So, that’s the big misstep here, in my opinion. But otherwise, this was a good bit of television. Malkovitch did a great job as Poirot (though his accent was a bit rough, and the bits where he spoke French, well, they probably should have been left on the editing room floor). His detective, less twinkling and fussy than Suchet’s, is a tired, sad man with little purpose but plenty of daemons (which, I should say, he very likely would have had without that whole clerical backstory. After all, he was a war refugee!) But as the case heats up, he clearly begins to feel reinvigorated. It’s nice to see!

And everyone else here did a great job as well: Rupert Grint, as I said, was very different from the character we’re accustomed to seeing him play. His Crone was gruff and resentful, but when push came to shove, he accepted help and started to move towards some sort of understanding with his Belgian adversary. The rest of the supporting cast did a splendid job, and the set and costume design were great, managing to run the gamut from sleek, stylish and moneyed to poor, filthy and striving. I think they could have occasionally done with better lighting (come on, not everything has to be dark–we get it! Moody!). But overall, these Christie adaptations have been great, and I’m looking forward to Death Comes at the End next year.

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One thought on “Agatha Christie’s The ABC Murders

  1. Frankly, I thought the later episodes were just as good or bad as the early ones. I think many people could not handle the lack of Hastings and Japp, which is odd considering that they were not in that many of Christie’s Poirot novels after the 1930s.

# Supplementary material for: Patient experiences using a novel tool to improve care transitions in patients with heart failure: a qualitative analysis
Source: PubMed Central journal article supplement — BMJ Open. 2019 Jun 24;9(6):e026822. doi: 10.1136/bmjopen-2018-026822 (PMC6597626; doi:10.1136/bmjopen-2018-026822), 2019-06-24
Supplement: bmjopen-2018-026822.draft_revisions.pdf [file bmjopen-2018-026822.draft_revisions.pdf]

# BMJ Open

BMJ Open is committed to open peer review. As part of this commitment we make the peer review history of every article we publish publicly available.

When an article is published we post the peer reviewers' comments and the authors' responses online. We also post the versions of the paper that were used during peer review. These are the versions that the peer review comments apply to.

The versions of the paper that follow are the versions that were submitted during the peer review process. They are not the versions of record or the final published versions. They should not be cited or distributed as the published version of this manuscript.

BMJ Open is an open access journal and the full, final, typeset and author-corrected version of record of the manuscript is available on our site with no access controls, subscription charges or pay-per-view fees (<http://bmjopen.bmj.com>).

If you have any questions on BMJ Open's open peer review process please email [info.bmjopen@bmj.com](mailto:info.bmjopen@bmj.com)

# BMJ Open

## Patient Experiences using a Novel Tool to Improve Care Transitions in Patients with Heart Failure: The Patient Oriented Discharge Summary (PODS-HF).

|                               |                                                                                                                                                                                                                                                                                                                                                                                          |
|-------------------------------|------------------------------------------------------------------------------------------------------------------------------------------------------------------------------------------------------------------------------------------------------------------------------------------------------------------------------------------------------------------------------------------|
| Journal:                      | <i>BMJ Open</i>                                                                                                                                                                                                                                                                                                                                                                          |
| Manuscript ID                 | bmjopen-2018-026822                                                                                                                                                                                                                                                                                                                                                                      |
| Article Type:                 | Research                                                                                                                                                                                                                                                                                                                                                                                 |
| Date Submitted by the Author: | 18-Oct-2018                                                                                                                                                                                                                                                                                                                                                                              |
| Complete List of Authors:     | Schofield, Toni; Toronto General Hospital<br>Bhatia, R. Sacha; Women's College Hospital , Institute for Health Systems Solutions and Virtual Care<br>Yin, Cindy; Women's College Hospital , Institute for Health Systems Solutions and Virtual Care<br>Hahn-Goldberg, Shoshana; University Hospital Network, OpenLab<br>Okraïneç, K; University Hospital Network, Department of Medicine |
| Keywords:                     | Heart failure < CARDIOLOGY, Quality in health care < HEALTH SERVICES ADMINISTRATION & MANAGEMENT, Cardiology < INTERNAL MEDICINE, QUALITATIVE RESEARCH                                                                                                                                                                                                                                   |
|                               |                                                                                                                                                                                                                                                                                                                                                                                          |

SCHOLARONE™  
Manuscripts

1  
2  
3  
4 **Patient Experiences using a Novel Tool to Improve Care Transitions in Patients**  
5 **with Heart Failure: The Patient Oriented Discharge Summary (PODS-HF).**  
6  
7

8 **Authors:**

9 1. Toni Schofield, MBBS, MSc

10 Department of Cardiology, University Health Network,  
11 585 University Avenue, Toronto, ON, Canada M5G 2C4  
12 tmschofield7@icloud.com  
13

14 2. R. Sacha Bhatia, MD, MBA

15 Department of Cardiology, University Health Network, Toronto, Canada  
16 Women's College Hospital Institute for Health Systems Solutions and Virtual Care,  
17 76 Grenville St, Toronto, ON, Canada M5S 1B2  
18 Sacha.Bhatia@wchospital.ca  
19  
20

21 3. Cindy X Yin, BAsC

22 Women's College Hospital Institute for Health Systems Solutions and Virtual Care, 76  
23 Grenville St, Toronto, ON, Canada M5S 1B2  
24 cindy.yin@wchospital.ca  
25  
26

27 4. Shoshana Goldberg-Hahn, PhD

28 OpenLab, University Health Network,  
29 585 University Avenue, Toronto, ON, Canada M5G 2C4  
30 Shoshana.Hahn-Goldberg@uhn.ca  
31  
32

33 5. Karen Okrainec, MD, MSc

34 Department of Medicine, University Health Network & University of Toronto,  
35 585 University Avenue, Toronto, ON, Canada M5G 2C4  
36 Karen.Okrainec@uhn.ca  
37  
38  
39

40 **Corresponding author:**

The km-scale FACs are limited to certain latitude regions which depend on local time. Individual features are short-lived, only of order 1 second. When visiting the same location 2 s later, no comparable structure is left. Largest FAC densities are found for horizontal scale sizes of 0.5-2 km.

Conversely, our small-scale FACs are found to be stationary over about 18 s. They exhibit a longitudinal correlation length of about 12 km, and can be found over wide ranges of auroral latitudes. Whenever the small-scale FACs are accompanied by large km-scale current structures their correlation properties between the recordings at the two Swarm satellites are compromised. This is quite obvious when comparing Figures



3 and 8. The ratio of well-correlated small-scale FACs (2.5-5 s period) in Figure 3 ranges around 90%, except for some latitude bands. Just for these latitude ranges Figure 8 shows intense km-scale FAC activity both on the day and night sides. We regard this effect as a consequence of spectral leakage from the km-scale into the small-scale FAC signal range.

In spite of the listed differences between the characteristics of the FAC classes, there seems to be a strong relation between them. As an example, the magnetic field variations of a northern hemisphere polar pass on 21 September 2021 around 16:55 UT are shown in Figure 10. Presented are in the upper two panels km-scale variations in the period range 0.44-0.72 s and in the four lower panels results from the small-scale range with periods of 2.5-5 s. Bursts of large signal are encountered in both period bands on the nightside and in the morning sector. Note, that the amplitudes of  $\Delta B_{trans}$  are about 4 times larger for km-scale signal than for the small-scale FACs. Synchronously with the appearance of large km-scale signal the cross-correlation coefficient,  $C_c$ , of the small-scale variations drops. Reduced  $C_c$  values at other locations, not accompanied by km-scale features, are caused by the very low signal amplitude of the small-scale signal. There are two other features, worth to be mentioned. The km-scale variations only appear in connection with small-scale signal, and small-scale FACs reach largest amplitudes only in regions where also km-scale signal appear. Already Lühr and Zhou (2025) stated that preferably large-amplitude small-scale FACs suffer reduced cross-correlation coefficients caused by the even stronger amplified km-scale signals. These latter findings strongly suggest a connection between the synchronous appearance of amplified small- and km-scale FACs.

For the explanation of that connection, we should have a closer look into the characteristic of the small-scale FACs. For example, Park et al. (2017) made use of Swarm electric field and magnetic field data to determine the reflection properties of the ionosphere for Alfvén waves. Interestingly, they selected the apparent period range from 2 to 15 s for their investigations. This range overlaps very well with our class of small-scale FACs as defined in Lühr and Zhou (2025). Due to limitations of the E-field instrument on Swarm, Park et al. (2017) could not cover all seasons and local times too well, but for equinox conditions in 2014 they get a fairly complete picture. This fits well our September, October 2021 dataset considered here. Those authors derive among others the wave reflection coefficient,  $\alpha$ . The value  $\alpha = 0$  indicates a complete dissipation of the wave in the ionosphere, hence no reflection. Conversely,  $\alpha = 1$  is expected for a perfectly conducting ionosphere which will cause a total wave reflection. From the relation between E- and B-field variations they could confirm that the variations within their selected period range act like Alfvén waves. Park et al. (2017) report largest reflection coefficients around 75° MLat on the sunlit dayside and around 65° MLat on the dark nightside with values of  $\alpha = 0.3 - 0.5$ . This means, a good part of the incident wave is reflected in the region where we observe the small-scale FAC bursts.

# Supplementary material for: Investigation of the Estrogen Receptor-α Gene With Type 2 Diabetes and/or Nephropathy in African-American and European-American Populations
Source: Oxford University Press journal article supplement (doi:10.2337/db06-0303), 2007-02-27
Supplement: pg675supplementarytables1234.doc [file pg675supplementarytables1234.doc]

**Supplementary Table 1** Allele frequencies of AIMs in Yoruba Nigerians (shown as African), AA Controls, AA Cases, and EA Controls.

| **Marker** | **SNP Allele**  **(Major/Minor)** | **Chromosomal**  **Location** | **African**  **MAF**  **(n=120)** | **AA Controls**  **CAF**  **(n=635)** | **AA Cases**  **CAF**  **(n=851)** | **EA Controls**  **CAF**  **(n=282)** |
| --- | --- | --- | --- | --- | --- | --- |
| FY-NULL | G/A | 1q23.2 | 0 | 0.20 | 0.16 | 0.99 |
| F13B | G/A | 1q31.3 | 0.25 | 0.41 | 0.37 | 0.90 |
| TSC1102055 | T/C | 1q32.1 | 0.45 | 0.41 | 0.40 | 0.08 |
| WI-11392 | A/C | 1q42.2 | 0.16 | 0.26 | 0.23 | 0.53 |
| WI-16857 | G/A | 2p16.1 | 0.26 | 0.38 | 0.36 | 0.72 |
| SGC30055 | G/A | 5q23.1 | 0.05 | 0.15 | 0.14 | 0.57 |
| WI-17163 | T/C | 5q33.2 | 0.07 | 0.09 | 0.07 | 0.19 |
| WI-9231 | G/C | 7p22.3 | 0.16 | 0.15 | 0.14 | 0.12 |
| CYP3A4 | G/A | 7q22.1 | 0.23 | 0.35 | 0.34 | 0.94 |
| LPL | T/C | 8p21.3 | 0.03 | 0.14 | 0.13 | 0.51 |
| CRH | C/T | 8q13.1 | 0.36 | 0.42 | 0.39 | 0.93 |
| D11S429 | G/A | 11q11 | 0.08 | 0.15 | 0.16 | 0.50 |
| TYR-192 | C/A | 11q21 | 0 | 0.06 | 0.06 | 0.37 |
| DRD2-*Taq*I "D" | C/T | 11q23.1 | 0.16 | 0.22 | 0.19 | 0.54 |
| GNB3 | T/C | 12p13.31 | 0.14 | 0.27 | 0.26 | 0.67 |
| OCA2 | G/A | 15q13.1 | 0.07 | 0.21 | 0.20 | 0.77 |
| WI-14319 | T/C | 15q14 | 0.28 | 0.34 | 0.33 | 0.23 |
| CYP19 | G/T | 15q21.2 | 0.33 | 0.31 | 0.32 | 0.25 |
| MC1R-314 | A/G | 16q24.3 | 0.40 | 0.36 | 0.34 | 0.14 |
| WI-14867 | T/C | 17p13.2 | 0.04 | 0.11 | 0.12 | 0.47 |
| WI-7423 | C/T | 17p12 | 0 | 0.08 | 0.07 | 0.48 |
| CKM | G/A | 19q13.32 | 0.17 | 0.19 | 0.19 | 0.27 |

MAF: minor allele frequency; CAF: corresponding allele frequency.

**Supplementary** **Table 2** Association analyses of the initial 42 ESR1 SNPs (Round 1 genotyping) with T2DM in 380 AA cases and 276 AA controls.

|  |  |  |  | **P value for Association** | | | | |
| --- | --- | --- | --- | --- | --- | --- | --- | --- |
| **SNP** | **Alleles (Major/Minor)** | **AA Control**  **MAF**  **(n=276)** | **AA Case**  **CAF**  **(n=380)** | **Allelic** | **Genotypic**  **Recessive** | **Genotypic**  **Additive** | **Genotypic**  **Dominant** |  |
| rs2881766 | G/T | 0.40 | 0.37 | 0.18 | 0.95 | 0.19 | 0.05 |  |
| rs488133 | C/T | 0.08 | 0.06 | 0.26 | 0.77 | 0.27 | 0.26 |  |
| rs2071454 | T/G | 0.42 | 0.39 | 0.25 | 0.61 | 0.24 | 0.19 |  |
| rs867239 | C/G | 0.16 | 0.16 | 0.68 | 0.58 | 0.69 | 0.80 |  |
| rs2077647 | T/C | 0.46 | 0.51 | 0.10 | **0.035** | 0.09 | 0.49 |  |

So, the big reveal? Poirot was a priest at the church.

    The what now? Why? Why did they change that? That’s a complete departure from the Christie novels. Poirot was a policeman in Belgium before the war. What purpose does this serve?

    Let me give you my theory on Sarah Phelps’ adaptations of Christie novels. I’ve noticed with her adaptations of “Witness For the Prosecution”, “Ordeal of Innocence” and now “The A.B.C. Murders”; Phelps has been giving a gloomier portrayal of these novels than Christie. Personally, I think she’s trying to re-create the success of “And Then There Were None”. In fact, it seems as if she is trying to transform all of the adaptations that followed into another “And Then There Were None”. Personally, I think it’s a waste of time. Either Phelps needs to find another gloomy murder mystery to adapt or she should consider writing her own story that ends on a grim note.

    Okay . . . yes, the original version of “Witness For the Prosecution” ended with the killer getting away with his crime. But . . . what happened to two of the other characters . . . struck me as rather ridiculous and overdone. And what Phelps did to the “Ordeal of Innocence” story . . . I’m still trying to recover from the changes (and unnecessary ones, as far as I’m concerned) to that one.

    She didn’t change too much from the original “The A.B.C. Murders” novel. But . . . changing Poirot’s personal backstory, having the major suspect die and portraying the real killer as a borderline psycho . . . that was just a bit too much for me. If Phelps wants to adapt a gloomy story that badly, perhaps she should consider “Five Little Pigs” or “Nemesis”.